Bashar Jaburi said he was abucted, beaten and then held for ransom by men he is sure were Iraqi police.
It began one night last month when five men in police uniform fired warning shots over Jaburi’s car and arrested him, saying his vehicle resembled that used by fighters opposed to the US-backed interim government to fire a rocket-propelled grenade at one of their barracks, Jaburi said.
He said he was sure from the way they were equipped and behaved that they were members of the police force.
There was no independent corroboration of Jaburi’s story that police officers kidnapped him and then secured a ransom for his release.
“I have not heard of this case,” interior mMinistry spokesman Sabah Kathim said. “We hear lots of rumours about these matters. If anyone has a complaint, they can go to a judge.”
After the incident, Jaburi said in an interview that he refused to get involved with Iraqi law enforcement agencies despite his violent ordeal.
“They hit me with the butts of their rifles and said they were taking me to a police station for questioning. But it was clear we were going somewhere else,” said the 23-year-old Jaburi.
Scores of Iraqis and foreigners
Although some fighters and bandits have posed as policemen during abductions, Jaburi said he had no doubt that the men who blindfolded and abducted him were real police officers.
“I could tell they had modern equipment and weapons and by the way they were talking with each other,” he said.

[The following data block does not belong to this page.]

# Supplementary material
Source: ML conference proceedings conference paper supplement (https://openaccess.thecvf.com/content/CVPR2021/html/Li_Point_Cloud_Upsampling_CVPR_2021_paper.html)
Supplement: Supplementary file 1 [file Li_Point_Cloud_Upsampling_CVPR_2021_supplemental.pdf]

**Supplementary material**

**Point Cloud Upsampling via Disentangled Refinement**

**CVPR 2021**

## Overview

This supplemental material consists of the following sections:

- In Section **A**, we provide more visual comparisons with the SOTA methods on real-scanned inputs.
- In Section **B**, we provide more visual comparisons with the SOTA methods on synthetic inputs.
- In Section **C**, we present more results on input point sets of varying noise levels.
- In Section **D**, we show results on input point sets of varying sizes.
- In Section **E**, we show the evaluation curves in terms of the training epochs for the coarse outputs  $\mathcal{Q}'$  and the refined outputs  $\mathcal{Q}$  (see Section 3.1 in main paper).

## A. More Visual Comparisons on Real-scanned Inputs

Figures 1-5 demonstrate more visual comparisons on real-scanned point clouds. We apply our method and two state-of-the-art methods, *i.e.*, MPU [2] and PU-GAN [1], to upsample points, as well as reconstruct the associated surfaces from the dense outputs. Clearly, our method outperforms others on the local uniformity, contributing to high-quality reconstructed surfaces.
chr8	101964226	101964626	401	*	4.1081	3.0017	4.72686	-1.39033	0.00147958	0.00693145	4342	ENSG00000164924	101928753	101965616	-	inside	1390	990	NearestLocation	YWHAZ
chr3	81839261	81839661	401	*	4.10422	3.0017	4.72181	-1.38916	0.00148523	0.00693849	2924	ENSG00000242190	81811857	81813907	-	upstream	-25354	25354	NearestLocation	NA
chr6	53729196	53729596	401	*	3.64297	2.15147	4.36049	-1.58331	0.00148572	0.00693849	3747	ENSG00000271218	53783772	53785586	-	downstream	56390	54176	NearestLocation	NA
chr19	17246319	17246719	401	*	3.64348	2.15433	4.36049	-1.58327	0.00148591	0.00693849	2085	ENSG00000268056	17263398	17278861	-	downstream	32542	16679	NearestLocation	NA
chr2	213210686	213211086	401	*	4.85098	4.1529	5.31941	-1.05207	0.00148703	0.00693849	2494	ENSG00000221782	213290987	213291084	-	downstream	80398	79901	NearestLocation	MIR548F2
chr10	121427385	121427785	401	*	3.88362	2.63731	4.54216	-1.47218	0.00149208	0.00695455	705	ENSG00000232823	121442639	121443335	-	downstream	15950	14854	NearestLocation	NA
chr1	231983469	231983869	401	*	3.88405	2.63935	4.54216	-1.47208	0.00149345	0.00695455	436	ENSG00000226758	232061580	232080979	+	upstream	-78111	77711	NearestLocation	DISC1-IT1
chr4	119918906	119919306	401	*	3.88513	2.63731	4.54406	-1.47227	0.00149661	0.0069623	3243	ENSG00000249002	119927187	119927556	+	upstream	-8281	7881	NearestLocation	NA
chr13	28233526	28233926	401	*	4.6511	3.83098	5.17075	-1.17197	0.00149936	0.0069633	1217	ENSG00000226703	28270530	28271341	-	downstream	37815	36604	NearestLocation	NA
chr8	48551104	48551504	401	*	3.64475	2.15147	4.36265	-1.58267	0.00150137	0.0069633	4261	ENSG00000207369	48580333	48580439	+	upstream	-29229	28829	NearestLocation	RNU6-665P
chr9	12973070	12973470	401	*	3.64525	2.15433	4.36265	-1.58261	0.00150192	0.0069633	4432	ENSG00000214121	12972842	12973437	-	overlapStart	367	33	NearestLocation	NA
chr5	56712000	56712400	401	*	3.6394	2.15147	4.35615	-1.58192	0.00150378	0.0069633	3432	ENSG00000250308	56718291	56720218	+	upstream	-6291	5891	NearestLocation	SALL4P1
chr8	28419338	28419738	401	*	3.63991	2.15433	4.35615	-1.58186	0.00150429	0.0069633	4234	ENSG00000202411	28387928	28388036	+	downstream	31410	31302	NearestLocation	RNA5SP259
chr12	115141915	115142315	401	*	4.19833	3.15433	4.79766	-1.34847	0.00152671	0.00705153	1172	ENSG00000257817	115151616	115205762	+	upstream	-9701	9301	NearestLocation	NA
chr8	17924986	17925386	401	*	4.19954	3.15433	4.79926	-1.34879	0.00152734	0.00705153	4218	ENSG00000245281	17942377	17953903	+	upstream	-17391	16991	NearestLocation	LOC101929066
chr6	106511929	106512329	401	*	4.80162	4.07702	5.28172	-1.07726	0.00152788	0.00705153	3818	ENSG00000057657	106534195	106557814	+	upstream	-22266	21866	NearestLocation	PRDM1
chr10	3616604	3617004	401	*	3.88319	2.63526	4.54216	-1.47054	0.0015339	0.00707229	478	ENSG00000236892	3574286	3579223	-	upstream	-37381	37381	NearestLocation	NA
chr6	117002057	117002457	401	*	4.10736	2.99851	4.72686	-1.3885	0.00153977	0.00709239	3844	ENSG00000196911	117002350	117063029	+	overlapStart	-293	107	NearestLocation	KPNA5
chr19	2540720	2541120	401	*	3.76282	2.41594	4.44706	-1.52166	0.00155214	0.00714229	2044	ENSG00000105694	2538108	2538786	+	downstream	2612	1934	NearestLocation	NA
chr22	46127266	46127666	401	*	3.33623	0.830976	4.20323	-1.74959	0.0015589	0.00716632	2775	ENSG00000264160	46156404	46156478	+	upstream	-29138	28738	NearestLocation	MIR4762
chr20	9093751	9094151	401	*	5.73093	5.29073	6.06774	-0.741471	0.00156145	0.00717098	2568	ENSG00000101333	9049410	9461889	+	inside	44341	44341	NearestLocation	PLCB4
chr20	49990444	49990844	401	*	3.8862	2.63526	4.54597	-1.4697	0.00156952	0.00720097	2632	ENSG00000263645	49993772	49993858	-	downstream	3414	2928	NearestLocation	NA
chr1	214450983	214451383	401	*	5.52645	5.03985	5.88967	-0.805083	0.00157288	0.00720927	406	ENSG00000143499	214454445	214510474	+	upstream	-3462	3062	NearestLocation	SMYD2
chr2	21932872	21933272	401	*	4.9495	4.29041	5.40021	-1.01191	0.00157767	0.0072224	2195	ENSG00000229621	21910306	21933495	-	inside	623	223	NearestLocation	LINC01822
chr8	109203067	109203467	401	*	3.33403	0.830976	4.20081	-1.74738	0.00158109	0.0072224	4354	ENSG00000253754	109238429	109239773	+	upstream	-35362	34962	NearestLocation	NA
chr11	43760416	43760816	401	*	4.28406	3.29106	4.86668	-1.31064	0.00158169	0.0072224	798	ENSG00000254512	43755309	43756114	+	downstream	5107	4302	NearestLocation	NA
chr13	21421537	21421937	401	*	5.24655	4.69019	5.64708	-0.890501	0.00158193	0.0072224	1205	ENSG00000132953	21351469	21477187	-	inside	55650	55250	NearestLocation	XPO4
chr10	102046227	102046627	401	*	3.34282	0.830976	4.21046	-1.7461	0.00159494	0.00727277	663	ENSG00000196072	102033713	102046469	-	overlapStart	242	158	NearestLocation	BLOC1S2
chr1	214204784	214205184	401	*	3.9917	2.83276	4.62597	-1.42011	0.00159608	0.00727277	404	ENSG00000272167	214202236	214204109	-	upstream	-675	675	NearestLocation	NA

“I remember they were pointing a gun with a red laser at my car when they stopped me.”
Jaburi was soon face down in a rooftop room in a Baghdad house beside sacks of onions and jars of cooking oil, another Iraqi victim of kidnappings that the US-backed interim government blames on fighters opposed to the presence of foreign troops in Iraq and criminal gangs.
Having purged the security forces of those most loyal to Saddam Hussein, the interim government is struggling to build a credible police force.
“As soon as I can I will get my things together and leave Iraq. I will never come back”
Many new officers have been fired for corruption or incompetence. Others have been killed or have deserted in the face of violence and intimidation.
For four days, Jaburi said, he was beaten with steel cables and iron bars by four of the policemen and three other men who were in the house where he was held. He was fed one loaf of bread during his time in captivity.
“When I asked them for water, they gave me arak (liquor) and they would not let me go to the bathroom. They gave me a plastic bottle only,” he said.
Kidnapping for profit
Many of Iraq’s kidnappers make money from the chaos gripping the country. Their goal is not high-profile political abductions that make the news. When they cannot get cash, they can kill.
Jaburi was the son of a wealthy Baghdad merchant. After demanding $100,000 they settled for $15,000 in negotiations that dragged on as Jaburi was tortured.
As Iraq prepares to hold elections amid relentless bombings, Jaburi said he can never trust the police.
“When I see a police car in my neighbourhood I quickly pull over to get far away from them,” he said. “As soon as I can, I will get my things together and leave Iraq. I will never come back.”